White berry mistletoe is a medicinal plant that has been in use for cancer treatment, in all stages of growth. Its use in Europe for some time has been considered mainstream and is widely used, while in the U.S. many practitioners still regard it as complementary (it has not yet received approval by the FDA). Not unlike a cancerous tumor, mistletoe is a semi-“parasitic” plant and possesses an advantage over other life forms as it can exist in an environment that does not have to compete for nutrients.
Discovered in 1917 by Dr. Ita Wegman, a Dutch practitioner, created the first injectable mistletoe treatment, which today is considered a complementary approach to oncology. The treatment can be employed before or after the following: surgery, chemotherapy, radiation, anti-body, or hormonal treatments. A doctor should administer the initial treatment of mistletoe and educate the patient, after which the patient can inject their own or with the assistance of a caregiver. It is favored by those who know about its benefits since it is economical in cost and has few side effects.
Side effects can include fever, headache, chills and soreness, and inflammation at injection sites. Most common treatments are given subcutaneously via injection; less common are orally, into a vein (intravenously), into the pleural cavity, or directly into a tumor site.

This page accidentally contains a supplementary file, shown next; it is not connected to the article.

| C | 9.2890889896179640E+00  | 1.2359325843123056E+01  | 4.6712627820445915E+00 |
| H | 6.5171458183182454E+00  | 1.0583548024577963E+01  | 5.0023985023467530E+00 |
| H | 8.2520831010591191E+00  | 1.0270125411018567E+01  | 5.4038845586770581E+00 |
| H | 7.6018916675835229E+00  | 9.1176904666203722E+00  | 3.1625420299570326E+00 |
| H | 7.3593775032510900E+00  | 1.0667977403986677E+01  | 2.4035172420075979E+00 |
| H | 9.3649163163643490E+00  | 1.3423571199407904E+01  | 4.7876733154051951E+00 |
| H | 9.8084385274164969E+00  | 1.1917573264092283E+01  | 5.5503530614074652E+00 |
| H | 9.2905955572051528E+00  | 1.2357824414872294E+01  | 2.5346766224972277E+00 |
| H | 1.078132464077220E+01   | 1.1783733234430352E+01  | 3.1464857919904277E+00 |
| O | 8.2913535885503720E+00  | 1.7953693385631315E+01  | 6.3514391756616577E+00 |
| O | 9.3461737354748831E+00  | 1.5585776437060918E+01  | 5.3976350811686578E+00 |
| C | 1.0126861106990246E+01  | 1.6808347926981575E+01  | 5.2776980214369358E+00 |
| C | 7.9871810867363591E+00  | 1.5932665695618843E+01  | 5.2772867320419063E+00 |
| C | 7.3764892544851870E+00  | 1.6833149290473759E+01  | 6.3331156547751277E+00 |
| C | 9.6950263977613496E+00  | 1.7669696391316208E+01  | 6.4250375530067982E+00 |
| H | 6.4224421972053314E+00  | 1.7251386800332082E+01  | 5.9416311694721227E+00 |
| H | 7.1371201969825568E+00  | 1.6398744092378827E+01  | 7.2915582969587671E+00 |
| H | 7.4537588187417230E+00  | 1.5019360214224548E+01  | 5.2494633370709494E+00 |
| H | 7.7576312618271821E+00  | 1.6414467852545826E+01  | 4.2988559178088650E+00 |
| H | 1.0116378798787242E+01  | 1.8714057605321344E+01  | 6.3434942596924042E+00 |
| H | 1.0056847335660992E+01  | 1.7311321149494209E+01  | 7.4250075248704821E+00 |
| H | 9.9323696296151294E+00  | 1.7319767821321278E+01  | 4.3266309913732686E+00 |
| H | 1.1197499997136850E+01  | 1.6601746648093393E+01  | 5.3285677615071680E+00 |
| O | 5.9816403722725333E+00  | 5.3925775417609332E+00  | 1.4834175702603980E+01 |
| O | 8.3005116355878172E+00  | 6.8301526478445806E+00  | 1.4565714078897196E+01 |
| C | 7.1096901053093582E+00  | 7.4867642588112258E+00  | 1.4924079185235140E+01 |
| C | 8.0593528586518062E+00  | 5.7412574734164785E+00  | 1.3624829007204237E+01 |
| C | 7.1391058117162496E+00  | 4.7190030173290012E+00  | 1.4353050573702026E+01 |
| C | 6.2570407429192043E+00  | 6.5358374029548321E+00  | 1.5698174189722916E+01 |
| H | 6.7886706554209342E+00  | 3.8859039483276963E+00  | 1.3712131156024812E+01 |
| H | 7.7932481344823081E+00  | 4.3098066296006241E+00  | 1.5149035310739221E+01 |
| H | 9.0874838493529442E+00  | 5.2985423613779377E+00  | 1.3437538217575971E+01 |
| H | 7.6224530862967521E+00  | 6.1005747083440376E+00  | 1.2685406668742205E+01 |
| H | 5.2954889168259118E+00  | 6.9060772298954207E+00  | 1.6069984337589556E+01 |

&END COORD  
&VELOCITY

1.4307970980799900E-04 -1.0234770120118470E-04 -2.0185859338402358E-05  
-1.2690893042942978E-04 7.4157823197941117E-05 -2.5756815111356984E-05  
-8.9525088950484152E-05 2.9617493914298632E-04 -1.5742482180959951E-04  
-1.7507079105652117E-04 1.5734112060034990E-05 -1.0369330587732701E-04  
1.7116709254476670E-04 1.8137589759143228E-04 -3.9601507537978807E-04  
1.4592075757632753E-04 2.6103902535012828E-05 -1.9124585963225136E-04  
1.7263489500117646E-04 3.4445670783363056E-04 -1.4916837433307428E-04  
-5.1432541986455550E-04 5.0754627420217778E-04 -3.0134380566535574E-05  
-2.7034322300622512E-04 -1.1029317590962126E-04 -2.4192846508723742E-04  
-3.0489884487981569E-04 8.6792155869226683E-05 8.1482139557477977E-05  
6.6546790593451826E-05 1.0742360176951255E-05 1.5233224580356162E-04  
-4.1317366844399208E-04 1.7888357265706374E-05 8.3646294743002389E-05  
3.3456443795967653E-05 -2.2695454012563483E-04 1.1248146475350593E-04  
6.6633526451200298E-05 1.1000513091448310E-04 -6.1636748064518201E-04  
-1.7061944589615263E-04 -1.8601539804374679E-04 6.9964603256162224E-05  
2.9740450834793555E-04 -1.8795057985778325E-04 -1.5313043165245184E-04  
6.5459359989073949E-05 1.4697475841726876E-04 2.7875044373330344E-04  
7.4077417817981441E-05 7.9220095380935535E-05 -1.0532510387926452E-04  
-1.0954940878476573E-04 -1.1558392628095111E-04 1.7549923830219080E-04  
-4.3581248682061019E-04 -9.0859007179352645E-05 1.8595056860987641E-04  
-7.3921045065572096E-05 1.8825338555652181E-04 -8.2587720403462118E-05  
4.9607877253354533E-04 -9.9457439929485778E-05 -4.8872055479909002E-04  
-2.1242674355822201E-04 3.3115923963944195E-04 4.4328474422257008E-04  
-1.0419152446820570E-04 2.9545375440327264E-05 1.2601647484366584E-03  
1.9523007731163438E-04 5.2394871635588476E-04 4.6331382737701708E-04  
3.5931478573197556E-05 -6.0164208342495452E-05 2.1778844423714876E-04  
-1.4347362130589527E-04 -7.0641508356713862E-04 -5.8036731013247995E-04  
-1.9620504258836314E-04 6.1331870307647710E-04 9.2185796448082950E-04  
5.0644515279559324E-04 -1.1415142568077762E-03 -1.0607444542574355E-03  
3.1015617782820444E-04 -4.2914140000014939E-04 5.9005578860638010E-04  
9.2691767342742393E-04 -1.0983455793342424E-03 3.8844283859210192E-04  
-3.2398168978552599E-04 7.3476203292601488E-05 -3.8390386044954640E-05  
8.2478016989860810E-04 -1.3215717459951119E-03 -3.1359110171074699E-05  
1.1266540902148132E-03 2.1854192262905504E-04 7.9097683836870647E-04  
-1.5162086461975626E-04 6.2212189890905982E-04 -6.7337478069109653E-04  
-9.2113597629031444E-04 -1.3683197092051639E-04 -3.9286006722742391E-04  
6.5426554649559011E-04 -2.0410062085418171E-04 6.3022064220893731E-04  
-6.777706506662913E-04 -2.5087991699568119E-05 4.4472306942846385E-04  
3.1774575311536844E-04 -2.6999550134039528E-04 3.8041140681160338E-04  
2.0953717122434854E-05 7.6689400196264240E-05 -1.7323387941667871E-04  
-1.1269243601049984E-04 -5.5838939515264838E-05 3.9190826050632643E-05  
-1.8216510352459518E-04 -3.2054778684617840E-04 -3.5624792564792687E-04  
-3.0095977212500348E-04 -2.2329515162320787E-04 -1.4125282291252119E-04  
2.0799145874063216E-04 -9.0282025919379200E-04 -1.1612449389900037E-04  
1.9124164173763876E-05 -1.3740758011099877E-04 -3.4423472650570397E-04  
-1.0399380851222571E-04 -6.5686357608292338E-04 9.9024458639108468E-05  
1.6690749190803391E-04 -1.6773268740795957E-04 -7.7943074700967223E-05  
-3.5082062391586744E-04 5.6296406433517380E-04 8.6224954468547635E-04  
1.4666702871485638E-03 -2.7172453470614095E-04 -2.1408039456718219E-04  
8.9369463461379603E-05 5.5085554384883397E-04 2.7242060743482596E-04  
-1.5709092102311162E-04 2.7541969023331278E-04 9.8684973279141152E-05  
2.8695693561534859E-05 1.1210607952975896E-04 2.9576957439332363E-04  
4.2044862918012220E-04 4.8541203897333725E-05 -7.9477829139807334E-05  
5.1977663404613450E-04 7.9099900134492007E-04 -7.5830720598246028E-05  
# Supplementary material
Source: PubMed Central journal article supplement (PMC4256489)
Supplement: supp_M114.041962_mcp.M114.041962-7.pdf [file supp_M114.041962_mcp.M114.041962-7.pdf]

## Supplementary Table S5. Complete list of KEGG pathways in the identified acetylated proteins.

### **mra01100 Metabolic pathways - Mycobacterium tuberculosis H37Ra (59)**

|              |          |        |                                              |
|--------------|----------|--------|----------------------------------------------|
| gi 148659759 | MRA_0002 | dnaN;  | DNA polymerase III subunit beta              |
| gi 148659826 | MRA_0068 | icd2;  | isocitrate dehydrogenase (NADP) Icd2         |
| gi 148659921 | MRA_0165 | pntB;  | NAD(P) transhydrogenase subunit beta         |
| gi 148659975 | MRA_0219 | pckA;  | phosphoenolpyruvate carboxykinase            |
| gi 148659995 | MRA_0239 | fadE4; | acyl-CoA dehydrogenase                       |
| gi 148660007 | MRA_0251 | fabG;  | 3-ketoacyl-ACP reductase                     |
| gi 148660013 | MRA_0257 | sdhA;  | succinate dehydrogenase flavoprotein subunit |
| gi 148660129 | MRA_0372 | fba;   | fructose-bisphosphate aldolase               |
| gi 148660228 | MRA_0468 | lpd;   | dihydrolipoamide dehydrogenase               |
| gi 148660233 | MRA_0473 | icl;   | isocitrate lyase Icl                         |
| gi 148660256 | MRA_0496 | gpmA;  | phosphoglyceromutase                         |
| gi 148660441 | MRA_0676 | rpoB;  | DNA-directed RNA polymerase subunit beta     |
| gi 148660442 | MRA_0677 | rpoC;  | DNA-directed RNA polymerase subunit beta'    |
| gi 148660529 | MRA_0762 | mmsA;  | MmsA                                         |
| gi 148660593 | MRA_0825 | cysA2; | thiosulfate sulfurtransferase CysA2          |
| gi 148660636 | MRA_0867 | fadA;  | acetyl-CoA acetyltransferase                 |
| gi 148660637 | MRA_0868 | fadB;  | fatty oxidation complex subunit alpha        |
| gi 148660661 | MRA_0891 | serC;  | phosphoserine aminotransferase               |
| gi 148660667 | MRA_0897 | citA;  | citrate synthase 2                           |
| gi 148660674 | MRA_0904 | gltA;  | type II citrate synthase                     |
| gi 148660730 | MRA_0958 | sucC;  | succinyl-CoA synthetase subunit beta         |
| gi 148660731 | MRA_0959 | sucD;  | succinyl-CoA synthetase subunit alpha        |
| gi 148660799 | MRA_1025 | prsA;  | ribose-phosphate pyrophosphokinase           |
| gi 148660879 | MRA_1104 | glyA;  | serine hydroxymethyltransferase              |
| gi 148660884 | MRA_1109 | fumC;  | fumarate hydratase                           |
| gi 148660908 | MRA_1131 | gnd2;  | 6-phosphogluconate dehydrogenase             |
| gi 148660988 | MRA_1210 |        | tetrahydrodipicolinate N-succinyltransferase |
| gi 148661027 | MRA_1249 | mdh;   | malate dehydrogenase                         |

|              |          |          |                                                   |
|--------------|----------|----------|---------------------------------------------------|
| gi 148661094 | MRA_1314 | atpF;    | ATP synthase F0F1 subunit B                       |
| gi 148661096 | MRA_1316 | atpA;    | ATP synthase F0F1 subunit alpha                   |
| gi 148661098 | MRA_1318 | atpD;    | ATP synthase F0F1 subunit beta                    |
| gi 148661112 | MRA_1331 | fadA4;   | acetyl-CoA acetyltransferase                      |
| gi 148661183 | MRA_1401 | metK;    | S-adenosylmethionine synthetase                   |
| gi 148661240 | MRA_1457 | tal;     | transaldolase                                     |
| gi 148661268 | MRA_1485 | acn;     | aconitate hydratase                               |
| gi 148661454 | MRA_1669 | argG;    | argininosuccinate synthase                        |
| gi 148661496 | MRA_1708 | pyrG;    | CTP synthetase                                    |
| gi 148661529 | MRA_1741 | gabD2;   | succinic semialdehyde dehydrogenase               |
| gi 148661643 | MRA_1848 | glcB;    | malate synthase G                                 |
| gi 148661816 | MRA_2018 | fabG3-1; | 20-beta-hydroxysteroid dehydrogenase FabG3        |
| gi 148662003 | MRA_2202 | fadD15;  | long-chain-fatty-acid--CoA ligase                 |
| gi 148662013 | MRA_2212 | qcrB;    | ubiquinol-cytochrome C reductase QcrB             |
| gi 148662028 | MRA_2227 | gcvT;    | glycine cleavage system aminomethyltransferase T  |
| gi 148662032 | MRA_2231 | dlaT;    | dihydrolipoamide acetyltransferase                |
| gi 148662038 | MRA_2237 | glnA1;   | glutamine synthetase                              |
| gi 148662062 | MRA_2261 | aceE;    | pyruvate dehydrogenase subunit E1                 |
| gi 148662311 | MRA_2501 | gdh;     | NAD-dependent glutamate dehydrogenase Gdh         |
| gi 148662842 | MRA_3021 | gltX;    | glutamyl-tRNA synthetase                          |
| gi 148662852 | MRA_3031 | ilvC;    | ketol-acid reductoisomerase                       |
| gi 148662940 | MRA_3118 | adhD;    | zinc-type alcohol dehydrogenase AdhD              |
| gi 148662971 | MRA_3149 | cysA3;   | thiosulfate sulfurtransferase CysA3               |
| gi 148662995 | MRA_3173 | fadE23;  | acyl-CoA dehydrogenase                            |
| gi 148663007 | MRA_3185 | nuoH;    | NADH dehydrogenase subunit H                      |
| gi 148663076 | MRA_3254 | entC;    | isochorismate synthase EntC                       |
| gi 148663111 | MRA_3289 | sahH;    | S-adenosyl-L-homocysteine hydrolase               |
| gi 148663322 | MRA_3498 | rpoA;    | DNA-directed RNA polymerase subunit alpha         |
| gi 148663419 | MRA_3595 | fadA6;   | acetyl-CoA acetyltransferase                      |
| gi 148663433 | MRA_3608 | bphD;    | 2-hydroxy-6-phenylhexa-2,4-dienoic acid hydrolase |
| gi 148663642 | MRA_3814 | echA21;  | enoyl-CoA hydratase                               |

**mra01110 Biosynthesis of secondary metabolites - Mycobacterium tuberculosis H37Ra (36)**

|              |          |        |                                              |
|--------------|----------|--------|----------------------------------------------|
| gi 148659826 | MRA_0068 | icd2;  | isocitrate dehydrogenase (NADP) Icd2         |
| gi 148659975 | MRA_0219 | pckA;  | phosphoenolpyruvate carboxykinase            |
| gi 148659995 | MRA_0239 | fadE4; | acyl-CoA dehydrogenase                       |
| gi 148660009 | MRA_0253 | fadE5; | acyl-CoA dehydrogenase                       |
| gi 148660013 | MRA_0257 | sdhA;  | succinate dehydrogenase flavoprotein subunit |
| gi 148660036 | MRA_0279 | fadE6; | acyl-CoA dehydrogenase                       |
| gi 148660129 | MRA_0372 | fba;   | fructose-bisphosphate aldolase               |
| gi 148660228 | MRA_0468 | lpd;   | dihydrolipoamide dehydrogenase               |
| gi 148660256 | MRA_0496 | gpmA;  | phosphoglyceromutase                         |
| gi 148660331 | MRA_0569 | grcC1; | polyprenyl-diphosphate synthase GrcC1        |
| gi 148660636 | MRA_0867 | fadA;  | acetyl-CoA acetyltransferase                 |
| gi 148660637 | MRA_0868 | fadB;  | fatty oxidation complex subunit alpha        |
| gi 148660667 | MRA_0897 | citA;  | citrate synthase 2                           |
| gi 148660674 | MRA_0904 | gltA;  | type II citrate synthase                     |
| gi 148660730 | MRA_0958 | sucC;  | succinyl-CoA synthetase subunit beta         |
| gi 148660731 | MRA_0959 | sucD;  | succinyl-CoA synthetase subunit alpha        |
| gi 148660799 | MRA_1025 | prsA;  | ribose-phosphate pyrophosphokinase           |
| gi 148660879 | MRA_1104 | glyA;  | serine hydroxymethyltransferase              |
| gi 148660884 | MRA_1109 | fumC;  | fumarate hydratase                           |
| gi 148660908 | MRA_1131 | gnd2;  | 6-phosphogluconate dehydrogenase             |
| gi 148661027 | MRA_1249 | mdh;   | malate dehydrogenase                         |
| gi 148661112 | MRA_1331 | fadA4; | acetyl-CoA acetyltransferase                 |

Breast Cancer Treatment
Some promising findings have shown mistletoe as a viable option for breast cancer treatment. There are studies showing anticancer activity of mistletoe extracts on breast cancer cells and animal models. Recent evidence shows cytotoxic activity (quality of being toxic to certain types of cells) of mistletoe may be induced via different approaches, providing a substantive base for clinical trials. Various studies on mistletoe treatment for those diagnosed with breast cancer supplied similar evidence regarding advantages for health-related quality of life, survival span, rates of remission, and reduction of side effects from conventional therapy.
“In experiments using Iscador Q, Iscador M, and Iscador P [mistletoe extract], Ramaekers et al. in 2007  indicated that different Iscador preparations can induce cell cycle inhibition and tumor cell regression. They observed concentration-dependent inhibition in cell cycle machinery, particularly complete inhibition of S-phase progression in MCF7 breast cancer cell line.”
An interesting case study about mistletoe for liver cancer comes from a 37-year-old mother of 4 who was diagnosed and treated for colon cancer and had 15 inches of colon and 28 lymph nodes removed learned after surgery that the cancer had spread to her liver. She underwent more surgery to remove 20 percent of her liver, but instead of undergoing conventional chemotherapy for additional treatment, she chose mistletoe therapy, suggested by another consulting doctor on the case (Peter Hinderberger of Baltimore’s Ruscombe Mansion Community Health Center).
From Luis Diaz, an associate professor of oncology in the Johns Hopkins School of Medicine on this case: